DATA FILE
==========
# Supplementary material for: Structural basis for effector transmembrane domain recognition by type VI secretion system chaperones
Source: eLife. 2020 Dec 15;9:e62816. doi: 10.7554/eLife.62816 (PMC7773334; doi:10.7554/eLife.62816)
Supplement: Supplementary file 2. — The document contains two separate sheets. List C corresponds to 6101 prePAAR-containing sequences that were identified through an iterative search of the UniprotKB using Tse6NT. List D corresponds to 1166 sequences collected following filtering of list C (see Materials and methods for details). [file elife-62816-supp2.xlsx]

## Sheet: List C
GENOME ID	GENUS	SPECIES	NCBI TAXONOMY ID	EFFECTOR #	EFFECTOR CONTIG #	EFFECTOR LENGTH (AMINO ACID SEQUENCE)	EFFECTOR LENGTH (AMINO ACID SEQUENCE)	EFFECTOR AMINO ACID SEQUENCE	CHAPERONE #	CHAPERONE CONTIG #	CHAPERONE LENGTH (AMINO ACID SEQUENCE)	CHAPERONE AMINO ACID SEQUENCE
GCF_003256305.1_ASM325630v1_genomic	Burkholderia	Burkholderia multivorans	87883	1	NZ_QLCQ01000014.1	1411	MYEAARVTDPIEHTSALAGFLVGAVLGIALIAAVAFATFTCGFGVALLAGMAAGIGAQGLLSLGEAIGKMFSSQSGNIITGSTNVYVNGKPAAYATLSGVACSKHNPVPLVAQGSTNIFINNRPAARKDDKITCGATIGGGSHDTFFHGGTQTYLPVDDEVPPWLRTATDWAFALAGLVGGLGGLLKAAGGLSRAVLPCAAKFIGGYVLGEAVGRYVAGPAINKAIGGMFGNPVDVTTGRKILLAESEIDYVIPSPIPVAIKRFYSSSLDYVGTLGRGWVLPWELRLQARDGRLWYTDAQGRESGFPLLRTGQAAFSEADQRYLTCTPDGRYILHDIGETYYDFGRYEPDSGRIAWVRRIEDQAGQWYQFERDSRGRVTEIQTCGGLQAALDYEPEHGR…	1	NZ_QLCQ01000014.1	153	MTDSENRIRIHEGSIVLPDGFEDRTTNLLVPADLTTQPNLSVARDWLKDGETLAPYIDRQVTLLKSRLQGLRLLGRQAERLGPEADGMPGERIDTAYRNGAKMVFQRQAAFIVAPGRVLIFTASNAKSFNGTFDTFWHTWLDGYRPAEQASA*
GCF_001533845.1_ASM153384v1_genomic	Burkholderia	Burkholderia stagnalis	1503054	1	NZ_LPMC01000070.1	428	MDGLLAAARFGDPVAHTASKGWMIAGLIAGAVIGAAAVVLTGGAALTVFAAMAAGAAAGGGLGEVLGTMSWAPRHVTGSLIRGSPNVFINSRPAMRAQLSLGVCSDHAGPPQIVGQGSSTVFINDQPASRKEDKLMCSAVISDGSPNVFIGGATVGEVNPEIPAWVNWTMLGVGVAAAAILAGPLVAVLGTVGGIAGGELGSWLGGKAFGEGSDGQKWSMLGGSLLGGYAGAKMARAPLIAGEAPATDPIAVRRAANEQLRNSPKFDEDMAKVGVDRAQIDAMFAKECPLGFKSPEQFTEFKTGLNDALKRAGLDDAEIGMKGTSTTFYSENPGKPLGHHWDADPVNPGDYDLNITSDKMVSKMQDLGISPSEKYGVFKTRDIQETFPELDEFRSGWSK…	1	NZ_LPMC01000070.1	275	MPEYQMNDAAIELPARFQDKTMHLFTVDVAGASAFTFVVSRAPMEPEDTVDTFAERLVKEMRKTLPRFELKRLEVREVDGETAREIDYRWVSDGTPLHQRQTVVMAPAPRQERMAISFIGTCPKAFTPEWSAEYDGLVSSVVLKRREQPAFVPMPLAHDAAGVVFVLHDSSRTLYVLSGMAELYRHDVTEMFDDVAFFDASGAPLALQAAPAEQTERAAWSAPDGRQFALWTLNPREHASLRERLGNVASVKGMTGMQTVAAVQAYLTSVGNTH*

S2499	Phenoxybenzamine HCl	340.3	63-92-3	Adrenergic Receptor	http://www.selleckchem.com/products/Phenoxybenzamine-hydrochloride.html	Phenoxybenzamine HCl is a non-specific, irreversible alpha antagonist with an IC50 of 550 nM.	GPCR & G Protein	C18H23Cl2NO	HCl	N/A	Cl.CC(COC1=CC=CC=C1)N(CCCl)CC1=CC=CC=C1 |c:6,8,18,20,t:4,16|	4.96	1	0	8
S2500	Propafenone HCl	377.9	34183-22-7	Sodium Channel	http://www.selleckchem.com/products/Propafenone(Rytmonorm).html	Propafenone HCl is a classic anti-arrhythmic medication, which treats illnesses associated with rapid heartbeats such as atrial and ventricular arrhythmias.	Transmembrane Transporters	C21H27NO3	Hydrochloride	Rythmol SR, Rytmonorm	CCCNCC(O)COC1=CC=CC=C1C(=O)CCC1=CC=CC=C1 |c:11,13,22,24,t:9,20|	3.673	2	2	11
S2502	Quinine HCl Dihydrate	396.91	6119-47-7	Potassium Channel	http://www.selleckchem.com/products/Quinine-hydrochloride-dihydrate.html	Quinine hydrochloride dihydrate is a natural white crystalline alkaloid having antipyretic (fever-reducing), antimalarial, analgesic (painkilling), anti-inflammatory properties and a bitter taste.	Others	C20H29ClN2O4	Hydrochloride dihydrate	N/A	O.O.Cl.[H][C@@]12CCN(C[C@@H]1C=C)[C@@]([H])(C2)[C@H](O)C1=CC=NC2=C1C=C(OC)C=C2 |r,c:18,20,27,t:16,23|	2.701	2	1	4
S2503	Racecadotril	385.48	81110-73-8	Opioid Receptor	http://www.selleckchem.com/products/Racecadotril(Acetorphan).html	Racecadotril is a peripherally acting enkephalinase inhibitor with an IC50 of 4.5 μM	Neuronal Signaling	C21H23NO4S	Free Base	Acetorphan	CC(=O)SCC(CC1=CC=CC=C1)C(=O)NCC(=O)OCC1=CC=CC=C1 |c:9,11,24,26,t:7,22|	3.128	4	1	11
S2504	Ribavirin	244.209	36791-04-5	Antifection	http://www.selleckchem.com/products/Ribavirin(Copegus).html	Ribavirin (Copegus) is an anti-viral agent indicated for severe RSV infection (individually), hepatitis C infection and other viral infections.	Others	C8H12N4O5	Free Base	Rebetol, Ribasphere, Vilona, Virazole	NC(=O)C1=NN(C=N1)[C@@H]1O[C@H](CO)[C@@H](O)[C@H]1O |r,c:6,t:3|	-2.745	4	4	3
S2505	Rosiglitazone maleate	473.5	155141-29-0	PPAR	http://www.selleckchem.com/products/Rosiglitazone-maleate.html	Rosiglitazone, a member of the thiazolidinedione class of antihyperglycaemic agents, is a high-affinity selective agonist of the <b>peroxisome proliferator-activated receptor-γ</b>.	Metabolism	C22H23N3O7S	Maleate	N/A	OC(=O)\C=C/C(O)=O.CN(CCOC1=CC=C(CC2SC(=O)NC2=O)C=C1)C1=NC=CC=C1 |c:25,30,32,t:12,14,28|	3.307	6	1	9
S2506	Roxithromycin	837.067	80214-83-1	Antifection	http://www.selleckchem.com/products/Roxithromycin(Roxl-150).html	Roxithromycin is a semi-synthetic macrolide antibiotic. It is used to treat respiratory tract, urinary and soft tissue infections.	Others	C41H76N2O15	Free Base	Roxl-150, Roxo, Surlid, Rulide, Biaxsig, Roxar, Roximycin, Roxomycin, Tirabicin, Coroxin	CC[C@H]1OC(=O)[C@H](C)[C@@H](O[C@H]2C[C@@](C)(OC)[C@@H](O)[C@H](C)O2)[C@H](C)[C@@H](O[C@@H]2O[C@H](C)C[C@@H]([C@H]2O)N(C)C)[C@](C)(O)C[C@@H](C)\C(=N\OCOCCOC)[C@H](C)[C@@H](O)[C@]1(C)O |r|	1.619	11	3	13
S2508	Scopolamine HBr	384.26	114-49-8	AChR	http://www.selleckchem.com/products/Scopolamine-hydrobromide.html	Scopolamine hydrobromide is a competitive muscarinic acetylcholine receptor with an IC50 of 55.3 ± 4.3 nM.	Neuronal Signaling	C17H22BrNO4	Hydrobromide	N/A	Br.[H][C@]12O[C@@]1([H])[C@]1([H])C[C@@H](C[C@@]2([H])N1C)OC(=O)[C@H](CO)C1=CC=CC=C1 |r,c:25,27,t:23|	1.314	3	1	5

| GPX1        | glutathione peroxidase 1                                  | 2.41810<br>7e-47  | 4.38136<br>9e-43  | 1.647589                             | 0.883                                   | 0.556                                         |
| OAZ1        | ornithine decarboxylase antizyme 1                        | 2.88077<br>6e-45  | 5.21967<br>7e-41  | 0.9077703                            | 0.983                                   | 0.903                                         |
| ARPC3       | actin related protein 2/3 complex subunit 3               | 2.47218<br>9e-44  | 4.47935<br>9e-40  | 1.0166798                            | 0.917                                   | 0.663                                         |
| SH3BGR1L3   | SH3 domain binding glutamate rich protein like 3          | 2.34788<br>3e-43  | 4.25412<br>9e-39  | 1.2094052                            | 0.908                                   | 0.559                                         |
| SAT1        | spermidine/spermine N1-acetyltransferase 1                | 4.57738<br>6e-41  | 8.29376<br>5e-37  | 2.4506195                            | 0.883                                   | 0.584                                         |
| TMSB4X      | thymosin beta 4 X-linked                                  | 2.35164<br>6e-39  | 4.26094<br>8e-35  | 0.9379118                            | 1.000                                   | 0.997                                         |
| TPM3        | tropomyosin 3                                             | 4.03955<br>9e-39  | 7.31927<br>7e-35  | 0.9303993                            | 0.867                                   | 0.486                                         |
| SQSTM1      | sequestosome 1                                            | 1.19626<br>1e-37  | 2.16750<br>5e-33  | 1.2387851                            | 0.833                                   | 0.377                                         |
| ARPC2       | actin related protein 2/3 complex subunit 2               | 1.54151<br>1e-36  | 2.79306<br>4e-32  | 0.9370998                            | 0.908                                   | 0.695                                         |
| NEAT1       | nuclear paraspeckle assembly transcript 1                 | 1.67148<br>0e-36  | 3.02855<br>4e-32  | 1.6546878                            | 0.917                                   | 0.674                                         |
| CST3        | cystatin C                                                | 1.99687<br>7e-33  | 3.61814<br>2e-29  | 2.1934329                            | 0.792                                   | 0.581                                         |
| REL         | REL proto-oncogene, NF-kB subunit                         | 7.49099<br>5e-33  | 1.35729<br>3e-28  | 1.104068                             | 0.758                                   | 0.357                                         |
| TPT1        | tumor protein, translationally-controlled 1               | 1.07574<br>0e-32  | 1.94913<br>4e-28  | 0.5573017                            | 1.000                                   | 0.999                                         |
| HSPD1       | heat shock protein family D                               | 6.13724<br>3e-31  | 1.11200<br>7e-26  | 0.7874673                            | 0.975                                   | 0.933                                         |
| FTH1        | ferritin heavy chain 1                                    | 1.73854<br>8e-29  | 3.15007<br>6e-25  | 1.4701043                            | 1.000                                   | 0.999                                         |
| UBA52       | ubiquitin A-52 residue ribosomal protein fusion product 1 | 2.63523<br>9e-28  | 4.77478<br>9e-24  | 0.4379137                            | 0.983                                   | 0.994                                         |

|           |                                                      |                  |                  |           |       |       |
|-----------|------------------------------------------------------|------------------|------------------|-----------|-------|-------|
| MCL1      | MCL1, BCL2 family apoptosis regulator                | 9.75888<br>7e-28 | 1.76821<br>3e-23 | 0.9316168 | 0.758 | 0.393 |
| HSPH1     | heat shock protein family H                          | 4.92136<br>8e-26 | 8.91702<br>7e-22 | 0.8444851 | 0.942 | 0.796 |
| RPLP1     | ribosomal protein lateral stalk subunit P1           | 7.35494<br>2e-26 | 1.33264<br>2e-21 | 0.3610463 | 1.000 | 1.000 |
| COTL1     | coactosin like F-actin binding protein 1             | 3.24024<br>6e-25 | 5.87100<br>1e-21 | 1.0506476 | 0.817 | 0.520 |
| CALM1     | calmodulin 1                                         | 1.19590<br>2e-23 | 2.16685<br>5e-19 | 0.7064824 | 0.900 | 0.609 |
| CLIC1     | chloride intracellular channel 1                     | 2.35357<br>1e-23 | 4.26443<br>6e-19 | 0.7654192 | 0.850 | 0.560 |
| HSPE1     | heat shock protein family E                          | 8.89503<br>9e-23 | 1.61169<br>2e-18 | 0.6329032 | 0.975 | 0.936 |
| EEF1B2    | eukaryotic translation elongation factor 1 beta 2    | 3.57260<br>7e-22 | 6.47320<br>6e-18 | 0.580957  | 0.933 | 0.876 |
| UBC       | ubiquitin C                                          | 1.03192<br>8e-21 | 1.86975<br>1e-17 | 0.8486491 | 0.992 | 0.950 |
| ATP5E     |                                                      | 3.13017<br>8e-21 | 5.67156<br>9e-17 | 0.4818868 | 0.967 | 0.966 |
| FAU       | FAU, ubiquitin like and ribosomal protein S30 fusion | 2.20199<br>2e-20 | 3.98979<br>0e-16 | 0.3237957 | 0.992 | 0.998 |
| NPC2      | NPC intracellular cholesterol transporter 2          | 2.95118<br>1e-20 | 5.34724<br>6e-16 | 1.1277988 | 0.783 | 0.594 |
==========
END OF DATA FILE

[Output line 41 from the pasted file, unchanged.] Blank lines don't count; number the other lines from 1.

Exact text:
| EEF1B2    | eukaryotic translation elongation factor 1 beta 2    | 3.57260<br>7e-22 | 6.47320<br>6e-18 | 0.580957  | 0.933 | 0.876 |